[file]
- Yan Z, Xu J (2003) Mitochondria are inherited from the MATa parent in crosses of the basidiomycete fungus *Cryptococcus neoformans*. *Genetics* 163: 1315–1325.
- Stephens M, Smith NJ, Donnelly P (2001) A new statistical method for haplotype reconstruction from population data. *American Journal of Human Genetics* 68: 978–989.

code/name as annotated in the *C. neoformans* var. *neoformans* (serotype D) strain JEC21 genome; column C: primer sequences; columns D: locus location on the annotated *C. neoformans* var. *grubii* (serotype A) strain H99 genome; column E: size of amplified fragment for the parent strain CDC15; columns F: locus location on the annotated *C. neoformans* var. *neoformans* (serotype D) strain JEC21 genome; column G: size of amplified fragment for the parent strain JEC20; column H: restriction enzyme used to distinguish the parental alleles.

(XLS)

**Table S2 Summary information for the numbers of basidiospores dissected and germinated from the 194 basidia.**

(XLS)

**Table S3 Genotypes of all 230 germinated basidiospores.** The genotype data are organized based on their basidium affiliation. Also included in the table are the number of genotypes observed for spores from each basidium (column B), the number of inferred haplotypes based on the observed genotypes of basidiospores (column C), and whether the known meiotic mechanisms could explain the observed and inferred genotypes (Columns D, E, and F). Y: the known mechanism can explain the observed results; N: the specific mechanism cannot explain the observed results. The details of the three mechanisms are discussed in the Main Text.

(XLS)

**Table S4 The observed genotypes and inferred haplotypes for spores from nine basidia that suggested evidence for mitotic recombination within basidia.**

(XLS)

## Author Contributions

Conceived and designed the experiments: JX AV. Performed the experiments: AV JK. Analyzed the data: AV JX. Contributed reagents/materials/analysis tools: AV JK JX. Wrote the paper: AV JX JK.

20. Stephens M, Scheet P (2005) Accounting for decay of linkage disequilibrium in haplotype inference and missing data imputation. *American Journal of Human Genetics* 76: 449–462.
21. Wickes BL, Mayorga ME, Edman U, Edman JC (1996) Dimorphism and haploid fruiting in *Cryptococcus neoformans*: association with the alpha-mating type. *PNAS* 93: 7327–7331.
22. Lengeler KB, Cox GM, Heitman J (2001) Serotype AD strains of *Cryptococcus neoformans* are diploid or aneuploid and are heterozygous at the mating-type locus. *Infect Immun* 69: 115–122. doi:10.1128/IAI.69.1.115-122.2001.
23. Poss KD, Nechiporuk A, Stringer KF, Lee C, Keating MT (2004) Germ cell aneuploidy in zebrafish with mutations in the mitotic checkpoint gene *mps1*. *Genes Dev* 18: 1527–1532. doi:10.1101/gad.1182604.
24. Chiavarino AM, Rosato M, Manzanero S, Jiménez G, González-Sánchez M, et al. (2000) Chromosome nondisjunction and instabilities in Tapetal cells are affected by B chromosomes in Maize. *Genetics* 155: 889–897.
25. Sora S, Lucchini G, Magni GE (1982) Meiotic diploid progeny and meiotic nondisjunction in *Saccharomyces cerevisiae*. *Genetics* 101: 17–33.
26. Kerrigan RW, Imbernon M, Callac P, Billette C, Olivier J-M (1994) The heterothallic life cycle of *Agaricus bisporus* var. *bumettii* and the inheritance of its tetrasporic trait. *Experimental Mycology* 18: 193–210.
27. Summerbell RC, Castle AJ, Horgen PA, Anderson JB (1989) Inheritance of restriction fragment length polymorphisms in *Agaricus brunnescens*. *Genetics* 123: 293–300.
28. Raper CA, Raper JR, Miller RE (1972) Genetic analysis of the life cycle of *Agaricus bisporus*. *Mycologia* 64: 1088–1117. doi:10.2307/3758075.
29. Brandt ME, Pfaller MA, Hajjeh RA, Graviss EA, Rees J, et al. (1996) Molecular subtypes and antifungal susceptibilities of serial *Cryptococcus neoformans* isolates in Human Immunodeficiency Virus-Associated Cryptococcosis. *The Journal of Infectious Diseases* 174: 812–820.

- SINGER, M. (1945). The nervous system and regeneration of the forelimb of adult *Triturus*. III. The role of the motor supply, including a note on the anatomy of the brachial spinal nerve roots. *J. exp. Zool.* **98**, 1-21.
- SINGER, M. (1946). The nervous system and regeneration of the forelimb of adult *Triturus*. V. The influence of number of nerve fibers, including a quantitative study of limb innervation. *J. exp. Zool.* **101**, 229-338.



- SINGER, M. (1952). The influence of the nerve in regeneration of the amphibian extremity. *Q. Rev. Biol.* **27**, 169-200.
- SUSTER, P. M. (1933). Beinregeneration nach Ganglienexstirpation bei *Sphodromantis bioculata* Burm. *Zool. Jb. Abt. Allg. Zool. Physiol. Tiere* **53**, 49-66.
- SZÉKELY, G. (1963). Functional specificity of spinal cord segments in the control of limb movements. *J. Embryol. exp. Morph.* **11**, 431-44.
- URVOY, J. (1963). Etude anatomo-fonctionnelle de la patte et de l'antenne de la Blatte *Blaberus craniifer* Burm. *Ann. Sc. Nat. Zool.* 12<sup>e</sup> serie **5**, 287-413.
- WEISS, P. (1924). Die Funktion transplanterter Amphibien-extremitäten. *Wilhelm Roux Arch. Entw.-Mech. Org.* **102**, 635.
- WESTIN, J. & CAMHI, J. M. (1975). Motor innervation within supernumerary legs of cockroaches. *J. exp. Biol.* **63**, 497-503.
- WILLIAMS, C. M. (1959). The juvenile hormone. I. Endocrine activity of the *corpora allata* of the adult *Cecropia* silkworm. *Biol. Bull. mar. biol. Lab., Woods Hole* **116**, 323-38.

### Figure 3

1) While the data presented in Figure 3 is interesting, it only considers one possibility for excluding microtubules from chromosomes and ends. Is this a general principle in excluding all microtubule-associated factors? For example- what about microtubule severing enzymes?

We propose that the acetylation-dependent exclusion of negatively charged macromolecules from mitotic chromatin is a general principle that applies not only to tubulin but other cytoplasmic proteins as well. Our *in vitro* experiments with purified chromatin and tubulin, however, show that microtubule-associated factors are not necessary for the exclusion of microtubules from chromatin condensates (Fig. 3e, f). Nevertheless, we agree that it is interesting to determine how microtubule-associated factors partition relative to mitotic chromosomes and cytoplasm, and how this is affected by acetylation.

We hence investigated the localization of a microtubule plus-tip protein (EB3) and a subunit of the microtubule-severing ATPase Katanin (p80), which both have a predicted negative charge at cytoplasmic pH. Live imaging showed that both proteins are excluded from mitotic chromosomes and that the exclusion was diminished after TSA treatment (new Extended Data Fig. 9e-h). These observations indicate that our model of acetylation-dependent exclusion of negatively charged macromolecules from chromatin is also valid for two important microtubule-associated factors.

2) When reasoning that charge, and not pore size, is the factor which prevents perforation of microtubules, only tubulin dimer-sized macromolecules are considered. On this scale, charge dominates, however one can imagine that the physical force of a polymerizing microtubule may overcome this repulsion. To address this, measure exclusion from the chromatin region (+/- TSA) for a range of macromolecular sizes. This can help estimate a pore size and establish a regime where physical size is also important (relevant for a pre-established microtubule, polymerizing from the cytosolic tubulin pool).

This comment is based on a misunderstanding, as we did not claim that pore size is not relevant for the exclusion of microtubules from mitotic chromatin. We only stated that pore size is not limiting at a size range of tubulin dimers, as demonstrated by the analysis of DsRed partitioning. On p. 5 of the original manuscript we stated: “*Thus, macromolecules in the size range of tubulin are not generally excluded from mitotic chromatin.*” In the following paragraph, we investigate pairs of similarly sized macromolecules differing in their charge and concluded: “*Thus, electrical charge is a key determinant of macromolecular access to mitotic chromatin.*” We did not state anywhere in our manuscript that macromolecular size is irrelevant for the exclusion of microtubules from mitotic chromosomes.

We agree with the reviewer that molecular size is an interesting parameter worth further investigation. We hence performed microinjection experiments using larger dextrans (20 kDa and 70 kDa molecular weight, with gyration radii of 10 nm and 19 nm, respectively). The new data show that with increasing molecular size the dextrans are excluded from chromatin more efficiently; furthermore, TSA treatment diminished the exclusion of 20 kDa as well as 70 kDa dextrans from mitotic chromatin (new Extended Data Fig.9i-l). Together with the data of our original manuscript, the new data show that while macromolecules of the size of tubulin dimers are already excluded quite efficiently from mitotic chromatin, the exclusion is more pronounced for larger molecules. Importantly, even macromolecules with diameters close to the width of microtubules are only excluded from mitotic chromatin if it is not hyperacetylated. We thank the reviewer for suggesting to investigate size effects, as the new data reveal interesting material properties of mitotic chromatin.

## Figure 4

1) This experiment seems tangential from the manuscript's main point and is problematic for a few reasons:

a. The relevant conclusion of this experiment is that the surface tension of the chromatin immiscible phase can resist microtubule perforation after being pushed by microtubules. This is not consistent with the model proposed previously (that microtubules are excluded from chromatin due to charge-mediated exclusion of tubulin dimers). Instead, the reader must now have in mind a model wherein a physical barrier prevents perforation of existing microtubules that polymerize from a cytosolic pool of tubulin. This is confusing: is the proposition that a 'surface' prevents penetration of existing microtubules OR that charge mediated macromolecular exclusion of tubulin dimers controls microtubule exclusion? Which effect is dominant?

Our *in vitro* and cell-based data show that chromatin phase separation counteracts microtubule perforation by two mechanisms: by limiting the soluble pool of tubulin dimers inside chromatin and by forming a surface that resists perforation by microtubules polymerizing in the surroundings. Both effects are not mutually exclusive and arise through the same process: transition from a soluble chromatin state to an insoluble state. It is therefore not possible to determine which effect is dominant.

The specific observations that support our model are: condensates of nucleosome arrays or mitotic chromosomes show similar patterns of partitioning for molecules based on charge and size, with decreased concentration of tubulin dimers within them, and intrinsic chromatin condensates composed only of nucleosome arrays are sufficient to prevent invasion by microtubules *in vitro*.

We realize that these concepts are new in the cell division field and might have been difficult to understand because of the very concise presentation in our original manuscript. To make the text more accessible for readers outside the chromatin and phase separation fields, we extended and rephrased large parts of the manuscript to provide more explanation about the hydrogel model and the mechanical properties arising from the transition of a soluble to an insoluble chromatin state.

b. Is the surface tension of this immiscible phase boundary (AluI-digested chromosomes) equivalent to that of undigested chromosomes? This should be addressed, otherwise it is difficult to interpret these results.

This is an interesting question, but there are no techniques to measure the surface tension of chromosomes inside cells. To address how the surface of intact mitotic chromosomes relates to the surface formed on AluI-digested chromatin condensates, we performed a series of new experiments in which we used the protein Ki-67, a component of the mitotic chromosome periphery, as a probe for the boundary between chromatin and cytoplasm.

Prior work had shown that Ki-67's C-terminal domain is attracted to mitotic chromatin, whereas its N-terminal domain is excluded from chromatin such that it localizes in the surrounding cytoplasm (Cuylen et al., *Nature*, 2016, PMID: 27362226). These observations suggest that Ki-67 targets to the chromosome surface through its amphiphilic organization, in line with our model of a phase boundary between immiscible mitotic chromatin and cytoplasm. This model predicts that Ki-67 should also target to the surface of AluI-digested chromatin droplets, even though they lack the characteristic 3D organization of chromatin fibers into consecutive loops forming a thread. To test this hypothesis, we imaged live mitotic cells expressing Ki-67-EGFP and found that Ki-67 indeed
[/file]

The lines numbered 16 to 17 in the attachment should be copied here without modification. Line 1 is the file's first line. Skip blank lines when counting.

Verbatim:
23. Poss KD, Nechiporuk A, Stringer KF, Lee C, Keating MT (2004) Germ cell aneuploidy in zebrafish with mutations in the mitotic checkpoint gene *mps1*. *Genes Dev* 18: 1527–1532. doi:10.1101/gad.1182604.
24. Chiavarino AM, Rosato M, Manzanero S, Jiménez G, González-Sánchez M, et al. (2000) Chromosome nondisjunction and instabilities in Tapetal cells are affected by B chromosomes in Maize. *Genetics* 155: 889–897.